Being a part of Creative English is all about taking risks, about opening yourself up to vulnerability and just having a go. Something we particularly stress to our volunteers during training and throughout delivery is that facilitating Creative English is really not about ‘being an expert.’ There is no need to be/have been or even want to be a teacher in order to do an amazing job at delivering Creative English. All you need is a sense of play and a heart for the aims of the programme.

I can’t expect my learners or our volunteers to take a risk if I’m not willing to do so myself. If risk aversion kills innovation, then risk acknowledgement opens the door to it.


Family Learning shortlisted for prestigious award

ELTons-2016-nominationWe are pleased to announce that our Creative English Family Learning programme, currently running in Dagenham, has been shortlisted for a British Council ELTons 2016 award for local innovation. This marks the second time that our innovative methods of help local families learn English has been recognised by the British Council in as many years!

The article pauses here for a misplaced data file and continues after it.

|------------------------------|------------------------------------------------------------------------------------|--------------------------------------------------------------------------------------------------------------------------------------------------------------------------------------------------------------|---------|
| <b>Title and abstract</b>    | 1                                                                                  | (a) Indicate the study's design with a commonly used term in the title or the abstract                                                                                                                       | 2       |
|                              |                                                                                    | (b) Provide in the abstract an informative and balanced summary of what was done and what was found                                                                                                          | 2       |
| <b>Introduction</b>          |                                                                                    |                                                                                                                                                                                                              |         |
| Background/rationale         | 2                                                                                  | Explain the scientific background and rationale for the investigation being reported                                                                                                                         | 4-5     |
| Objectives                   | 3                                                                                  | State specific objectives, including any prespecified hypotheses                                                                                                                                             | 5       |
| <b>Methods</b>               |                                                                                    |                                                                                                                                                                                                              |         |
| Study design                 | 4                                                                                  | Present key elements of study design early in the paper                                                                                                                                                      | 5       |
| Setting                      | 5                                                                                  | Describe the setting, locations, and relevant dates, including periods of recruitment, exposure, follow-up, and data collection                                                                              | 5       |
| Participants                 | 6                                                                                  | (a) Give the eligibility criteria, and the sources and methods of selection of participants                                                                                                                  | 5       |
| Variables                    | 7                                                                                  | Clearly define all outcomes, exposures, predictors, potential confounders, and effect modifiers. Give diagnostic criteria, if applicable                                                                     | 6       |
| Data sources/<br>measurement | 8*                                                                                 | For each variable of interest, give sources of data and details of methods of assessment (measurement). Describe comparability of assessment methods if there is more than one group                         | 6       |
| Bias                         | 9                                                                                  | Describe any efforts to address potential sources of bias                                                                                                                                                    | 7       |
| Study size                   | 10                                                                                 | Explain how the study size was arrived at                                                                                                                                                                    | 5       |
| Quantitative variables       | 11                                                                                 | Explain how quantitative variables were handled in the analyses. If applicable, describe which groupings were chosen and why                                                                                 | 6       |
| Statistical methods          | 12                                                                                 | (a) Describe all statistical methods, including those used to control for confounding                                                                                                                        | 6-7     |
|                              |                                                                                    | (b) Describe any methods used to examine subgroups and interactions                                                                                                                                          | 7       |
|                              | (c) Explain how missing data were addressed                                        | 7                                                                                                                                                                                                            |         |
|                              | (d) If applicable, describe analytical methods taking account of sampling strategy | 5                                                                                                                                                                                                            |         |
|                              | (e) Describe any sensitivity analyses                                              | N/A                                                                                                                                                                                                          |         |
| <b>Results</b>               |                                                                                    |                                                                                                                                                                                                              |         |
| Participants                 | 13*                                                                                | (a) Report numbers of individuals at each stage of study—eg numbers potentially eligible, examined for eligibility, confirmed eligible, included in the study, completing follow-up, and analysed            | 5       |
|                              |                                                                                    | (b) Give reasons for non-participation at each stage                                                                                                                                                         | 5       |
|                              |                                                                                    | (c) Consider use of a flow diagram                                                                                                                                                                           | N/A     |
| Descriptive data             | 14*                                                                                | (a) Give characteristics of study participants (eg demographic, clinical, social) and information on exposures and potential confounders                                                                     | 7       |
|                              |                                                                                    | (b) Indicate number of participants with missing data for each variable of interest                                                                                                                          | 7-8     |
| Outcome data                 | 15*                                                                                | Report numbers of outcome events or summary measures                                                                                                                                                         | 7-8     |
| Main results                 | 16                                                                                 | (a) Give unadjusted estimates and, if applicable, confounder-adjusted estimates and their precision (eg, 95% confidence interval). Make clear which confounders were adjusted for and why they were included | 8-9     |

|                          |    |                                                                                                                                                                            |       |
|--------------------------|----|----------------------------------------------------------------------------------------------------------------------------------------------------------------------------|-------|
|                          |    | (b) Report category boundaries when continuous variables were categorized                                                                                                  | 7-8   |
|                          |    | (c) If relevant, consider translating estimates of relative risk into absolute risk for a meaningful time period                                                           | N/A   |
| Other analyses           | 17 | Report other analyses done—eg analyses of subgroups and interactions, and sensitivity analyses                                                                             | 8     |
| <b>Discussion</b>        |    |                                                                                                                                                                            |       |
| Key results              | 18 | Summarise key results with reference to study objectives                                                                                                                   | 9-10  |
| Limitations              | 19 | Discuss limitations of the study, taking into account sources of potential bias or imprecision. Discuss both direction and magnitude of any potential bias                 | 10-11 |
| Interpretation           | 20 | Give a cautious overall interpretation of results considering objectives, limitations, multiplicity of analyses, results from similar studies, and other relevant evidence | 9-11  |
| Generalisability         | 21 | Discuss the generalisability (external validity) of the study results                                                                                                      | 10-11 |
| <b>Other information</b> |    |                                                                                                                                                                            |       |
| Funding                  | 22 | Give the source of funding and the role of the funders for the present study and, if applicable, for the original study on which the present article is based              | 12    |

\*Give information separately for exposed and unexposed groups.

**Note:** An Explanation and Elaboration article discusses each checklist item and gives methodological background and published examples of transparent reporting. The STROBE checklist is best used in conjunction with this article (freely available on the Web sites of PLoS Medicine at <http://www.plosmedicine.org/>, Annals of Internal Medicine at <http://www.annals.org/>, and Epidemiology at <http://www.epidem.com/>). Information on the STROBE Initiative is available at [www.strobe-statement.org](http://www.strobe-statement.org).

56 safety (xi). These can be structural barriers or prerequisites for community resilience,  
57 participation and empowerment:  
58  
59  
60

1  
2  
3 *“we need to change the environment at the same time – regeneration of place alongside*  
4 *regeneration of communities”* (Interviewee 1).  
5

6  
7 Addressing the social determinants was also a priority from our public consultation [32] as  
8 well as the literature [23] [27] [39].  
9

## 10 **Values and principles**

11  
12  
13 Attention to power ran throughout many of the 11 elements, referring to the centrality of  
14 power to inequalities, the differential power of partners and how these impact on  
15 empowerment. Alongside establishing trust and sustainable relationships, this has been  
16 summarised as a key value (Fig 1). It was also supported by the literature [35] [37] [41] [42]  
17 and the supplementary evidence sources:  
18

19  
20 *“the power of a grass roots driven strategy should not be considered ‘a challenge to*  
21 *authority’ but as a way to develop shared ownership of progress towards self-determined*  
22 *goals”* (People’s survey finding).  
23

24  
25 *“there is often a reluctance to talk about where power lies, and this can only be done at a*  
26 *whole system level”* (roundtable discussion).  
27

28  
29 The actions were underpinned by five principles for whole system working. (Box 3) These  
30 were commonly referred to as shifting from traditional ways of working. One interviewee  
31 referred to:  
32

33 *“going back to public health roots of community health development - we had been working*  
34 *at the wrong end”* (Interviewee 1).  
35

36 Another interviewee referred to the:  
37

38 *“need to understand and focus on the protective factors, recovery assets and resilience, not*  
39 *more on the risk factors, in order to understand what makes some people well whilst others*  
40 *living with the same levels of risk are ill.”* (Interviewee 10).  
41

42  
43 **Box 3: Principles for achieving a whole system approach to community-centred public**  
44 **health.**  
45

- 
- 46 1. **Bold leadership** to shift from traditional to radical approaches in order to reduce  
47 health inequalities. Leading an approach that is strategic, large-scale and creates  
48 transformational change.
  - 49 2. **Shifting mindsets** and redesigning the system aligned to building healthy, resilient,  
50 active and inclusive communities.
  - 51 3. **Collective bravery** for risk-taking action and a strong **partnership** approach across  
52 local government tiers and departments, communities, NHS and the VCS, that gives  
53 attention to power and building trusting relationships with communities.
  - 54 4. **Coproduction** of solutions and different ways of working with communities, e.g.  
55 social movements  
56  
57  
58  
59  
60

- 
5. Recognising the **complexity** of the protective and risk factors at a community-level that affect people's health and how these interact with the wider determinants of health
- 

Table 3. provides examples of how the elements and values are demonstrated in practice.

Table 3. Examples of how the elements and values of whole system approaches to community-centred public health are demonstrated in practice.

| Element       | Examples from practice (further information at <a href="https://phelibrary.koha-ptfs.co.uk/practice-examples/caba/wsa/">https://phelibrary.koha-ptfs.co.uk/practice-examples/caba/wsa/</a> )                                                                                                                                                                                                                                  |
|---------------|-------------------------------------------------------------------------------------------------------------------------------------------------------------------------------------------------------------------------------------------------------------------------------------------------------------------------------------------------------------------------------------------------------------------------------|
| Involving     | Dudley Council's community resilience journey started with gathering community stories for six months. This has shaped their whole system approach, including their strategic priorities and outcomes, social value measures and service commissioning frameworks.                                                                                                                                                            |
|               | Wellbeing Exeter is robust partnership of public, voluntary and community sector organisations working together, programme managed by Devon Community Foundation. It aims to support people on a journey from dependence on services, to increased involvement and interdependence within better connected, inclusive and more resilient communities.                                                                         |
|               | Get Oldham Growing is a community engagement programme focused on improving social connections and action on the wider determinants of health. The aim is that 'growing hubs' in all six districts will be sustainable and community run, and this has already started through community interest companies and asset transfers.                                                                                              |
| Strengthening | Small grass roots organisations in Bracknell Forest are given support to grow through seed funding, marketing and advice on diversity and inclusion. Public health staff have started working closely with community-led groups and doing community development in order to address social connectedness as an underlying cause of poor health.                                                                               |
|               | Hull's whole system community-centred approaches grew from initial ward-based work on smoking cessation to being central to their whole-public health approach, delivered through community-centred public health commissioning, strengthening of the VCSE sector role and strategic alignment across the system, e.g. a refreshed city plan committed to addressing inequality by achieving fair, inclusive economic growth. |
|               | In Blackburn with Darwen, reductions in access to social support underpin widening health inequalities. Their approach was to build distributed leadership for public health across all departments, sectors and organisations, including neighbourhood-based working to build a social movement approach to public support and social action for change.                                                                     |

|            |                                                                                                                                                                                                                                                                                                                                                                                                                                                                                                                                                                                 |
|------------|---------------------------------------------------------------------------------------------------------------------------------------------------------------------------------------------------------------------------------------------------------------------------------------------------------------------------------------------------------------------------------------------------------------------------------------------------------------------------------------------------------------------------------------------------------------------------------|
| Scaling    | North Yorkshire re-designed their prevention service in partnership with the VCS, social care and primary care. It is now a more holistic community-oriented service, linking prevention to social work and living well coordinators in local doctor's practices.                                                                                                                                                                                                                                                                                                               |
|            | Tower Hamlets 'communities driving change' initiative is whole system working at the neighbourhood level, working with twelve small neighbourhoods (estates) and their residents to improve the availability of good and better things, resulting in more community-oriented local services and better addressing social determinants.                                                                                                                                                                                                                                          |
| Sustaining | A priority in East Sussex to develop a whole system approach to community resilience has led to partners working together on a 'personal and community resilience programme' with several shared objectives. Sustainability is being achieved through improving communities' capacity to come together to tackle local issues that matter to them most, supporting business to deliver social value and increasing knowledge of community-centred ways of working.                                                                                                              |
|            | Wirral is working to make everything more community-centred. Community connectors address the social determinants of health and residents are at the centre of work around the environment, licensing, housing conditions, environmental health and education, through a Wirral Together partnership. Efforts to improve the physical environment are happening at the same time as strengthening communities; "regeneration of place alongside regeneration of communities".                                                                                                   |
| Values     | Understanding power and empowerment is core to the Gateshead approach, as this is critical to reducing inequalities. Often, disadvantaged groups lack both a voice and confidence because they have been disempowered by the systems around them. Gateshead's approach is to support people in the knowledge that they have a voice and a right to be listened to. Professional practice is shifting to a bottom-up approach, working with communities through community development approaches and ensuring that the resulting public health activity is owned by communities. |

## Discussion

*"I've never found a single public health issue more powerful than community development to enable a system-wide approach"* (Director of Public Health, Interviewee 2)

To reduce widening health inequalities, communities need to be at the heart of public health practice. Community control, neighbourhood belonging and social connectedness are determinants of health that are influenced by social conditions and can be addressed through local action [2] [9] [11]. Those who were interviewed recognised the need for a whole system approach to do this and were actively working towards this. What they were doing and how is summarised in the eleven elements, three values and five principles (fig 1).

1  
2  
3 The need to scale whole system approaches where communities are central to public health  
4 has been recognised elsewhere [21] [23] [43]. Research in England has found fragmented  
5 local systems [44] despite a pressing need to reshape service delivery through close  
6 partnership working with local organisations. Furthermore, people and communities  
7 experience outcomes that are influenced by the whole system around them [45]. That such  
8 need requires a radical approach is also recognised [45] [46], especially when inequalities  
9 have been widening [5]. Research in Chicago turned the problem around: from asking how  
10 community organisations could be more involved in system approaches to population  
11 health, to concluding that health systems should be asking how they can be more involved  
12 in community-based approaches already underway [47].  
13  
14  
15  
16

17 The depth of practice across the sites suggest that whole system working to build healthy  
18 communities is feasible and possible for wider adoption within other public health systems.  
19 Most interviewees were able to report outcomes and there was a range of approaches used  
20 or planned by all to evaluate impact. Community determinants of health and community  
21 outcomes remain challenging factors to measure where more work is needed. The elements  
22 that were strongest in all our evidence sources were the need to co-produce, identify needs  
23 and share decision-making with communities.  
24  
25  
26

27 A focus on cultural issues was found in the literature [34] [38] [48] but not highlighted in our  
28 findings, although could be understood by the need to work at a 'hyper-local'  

The ELTons, short for English Language Teaching, are sponsored by Cambridge English and are the only international awards that recognise and celebrate innovation in this field. The Creative English Family Learning programme supports families to overcome the significant barrier that many participants — particularly women — face when needing to access English language provision.

The creator of the programme, FaithAction’s Dr Anne Smith, found that learning everyday English through fun play-based activities involving the whole family in a safe environment quickly builds trust and community between parents, children and the facilitators. Each session strengthens the relationship between parent and child through craft, role-play, story-telling and games that they partake in together. By focusing participants who would not normally engage with a child-centred activity, it creates a strong foundation in preparation for beginning school.